It’s no secret that the old Primos TruthCam 35 is one of the best game camera values on the market. Opinions will vary, but dollar for dollar, it is a tough model to beat. But as time passes, new rivals come along with newer and better features, higher reliability, and most importantly – the coveted top seller status on Amazon. So I bring you the old Truth Cam’s match: The Stealth Cam SPC-P12 Scouting Camera (affiliate links – see below)
I keep an eye on the best seller lists because in my view, there’s no better way to learn the truth about a product than from a big group of Amazon users who are painfully honest in their reviews. In the “under 100 dollar” range, the TruthCam 35 always dominated. And it should have. Great battery life, durability, it was reliable and did what it was supposed to do, it was simple to operate, and it offered a great blend of features and value. So let’s dig in and see what the “way under $100” Stealth Cam SPC-P12 is all about.
Power and Battery Life
The Stealth Cam STC-P12 uses 8 Alkaline or Lithium batteries, AA-size. You swap them out by opening the front cover and removing the two battery doors. So you will get your mug taken when you do. It’s a whole lot easier to find AA’s in a convenient store than C’s or D’s – not to mention less expensive. You can use rechargeable batteries if you like. As with any electronics, just be sure you use a quality set and not the dollar store cheapo’s. Not to knock them, but there’s a time and place for those, and your deer camera isn’t one of them. It has a low battery indicator – helpful for gauging the life left. But you might be pleasantly surprised buy how infrequently you have to change them. Reports of batteries lasting from a few weeks to over a year are very common on this model. It’s specifically designed to be highly efficient from the manufacturer. But in the end, your results will largely depend on local temperatures, battery age, quality and camera settings. From all reports, about a year on a set of batteries is expected.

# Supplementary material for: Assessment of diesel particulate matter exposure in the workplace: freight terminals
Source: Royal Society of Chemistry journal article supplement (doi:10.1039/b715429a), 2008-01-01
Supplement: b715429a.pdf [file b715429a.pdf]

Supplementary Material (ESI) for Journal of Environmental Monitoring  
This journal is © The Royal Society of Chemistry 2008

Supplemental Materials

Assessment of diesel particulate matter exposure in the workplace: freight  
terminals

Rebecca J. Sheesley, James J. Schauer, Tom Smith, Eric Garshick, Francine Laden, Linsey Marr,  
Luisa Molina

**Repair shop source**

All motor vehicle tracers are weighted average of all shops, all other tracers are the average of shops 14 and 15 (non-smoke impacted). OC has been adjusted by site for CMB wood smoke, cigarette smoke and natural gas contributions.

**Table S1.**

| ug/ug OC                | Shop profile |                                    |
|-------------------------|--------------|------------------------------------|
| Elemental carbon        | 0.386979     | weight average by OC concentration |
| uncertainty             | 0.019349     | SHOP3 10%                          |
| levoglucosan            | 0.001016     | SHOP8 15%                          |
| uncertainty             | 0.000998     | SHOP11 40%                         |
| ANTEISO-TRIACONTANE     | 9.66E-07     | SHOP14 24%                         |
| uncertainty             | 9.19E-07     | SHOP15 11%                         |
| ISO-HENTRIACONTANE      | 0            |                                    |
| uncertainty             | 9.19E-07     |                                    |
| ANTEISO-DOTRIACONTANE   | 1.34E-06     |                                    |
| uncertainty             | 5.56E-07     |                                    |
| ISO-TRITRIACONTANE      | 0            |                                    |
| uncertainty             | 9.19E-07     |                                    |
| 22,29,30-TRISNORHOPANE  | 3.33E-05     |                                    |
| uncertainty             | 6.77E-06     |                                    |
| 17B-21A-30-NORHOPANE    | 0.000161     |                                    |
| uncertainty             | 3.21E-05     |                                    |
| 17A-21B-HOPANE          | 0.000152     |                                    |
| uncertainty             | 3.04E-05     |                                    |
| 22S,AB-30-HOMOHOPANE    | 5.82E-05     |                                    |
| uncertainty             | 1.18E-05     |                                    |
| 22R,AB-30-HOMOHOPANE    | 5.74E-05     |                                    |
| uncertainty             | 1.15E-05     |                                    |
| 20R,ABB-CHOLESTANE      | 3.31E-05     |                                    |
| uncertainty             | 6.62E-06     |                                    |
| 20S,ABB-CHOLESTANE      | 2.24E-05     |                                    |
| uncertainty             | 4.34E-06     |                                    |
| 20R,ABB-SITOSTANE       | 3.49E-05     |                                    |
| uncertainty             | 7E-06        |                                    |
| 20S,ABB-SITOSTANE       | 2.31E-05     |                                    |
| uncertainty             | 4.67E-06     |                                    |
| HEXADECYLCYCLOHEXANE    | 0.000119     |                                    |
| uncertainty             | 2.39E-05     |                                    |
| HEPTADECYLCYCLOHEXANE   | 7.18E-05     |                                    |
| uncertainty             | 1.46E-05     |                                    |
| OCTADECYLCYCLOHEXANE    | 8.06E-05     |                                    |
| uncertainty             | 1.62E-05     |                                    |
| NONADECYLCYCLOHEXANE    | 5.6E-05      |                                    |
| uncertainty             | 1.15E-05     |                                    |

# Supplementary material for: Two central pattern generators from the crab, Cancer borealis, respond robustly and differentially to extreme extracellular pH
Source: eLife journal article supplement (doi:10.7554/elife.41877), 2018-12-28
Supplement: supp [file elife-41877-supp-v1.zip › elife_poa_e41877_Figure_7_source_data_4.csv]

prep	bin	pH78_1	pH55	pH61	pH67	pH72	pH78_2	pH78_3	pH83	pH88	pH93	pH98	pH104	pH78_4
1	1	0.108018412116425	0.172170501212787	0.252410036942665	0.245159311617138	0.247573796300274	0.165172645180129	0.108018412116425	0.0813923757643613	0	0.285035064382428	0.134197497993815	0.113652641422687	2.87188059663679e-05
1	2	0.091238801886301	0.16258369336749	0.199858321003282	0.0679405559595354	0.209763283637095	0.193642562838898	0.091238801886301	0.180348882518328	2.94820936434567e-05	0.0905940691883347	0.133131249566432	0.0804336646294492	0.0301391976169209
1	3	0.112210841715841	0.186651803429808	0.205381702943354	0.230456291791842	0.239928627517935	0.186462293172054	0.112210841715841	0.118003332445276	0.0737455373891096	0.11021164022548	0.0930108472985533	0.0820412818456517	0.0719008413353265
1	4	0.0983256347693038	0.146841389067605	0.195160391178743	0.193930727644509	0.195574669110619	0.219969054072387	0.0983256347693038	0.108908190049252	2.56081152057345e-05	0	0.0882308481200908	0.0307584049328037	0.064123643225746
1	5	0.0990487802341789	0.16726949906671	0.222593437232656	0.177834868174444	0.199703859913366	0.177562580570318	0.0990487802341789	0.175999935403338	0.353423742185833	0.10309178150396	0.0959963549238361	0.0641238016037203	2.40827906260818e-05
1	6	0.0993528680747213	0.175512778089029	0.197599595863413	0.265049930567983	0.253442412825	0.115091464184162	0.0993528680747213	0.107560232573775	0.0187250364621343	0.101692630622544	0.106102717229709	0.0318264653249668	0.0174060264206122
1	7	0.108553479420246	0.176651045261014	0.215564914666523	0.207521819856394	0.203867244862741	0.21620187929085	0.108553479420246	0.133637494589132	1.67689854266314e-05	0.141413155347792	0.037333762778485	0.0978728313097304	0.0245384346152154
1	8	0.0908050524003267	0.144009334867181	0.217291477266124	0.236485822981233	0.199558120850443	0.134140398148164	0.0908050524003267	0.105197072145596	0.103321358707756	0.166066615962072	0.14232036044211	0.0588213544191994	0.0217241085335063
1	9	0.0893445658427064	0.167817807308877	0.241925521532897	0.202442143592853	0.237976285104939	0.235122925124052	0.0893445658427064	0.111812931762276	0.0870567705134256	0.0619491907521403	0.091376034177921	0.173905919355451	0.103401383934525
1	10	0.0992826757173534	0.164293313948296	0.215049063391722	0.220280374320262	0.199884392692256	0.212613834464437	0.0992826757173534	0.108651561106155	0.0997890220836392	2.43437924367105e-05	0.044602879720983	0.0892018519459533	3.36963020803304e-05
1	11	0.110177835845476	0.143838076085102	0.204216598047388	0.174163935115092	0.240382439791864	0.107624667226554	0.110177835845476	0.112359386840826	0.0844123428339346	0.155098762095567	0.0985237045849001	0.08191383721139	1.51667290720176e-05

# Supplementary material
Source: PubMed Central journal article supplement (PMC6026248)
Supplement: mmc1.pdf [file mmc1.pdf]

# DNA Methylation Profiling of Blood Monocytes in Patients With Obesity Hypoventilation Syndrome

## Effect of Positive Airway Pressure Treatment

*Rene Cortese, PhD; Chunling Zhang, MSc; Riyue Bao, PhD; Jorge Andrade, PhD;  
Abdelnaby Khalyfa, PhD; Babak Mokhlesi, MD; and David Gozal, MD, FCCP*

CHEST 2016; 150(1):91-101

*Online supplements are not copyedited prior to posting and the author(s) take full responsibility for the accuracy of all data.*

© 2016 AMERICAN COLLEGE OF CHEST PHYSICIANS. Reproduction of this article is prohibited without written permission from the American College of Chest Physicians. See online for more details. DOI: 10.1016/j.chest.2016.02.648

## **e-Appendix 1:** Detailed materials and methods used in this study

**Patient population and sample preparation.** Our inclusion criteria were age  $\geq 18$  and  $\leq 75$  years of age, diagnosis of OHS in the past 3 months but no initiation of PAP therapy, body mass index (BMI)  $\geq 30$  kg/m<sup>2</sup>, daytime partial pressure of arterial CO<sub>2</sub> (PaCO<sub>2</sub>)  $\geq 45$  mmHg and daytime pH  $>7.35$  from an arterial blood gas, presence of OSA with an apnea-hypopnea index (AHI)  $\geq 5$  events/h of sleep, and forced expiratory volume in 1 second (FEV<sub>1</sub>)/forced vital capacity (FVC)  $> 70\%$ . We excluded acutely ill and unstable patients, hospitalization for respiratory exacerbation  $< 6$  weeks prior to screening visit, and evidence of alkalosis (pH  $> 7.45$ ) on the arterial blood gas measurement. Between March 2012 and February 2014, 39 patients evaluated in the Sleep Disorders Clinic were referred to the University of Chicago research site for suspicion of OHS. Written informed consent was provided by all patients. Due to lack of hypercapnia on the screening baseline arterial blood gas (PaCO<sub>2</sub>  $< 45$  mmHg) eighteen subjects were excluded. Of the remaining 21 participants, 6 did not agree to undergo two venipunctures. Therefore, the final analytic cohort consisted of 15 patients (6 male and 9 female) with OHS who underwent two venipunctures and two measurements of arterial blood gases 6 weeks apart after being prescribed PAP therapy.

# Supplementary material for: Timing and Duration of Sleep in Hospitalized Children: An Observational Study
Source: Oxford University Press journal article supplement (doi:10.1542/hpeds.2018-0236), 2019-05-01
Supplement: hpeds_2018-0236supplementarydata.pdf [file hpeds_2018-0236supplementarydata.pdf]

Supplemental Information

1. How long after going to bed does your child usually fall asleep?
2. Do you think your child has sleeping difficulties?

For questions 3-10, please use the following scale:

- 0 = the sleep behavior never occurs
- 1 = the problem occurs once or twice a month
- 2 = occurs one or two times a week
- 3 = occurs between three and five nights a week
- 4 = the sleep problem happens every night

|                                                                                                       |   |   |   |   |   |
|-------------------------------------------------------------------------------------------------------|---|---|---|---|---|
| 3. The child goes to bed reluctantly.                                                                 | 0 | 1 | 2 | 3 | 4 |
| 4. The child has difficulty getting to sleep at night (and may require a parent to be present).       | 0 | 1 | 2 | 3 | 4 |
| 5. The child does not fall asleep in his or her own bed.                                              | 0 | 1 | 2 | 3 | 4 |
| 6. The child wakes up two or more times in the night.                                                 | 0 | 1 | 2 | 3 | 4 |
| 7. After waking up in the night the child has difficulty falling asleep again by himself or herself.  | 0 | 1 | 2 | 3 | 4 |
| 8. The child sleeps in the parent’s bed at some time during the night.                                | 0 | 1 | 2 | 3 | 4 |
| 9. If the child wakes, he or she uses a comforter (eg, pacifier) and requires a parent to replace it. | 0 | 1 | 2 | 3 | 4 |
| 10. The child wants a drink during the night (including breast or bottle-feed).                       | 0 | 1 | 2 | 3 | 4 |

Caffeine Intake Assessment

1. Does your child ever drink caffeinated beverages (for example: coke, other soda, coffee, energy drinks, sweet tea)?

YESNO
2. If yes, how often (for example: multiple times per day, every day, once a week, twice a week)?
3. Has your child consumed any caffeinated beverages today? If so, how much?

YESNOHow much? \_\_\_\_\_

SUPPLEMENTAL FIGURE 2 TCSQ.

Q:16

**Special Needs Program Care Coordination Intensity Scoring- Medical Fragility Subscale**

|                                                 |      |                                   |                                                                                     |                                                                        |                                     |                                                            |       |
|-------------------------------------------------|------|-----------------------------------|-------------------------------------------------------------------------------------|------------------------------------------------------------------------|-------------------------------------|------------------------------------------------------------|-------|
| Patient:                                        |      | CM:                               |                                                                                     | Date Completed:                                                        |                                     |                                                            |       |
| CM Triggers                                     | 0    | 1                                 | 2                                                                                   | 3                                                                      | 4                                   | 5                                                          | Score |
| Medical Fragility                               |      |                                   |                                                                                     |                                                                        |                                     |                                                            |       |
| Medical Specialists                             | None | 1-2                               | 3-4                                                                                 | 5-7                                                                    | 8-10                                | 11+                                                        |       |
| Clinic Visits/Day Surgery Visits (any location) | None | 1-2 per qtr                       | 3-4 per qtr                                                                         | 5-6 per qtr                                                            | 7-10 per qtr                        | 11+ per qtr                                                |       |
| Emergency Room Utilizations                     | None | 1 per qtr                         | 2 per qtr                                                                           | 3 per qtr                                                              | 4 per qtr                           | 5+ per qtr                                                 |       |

Visibility & Detection Range
A lot of folks want these scouting cameras for scouting people. So one of the frequent questions I see with them is, “can you see the flash?” – and with this model, yes. There is a visible glow to the IR lights, so both people and animals can see it to some degree. This is low glow versus no glow. As for the camera’s visibility, you can expect about a 30 to 40 foot night picture IR range. It uses 12 infrared emitters that illuminate the area pretty well.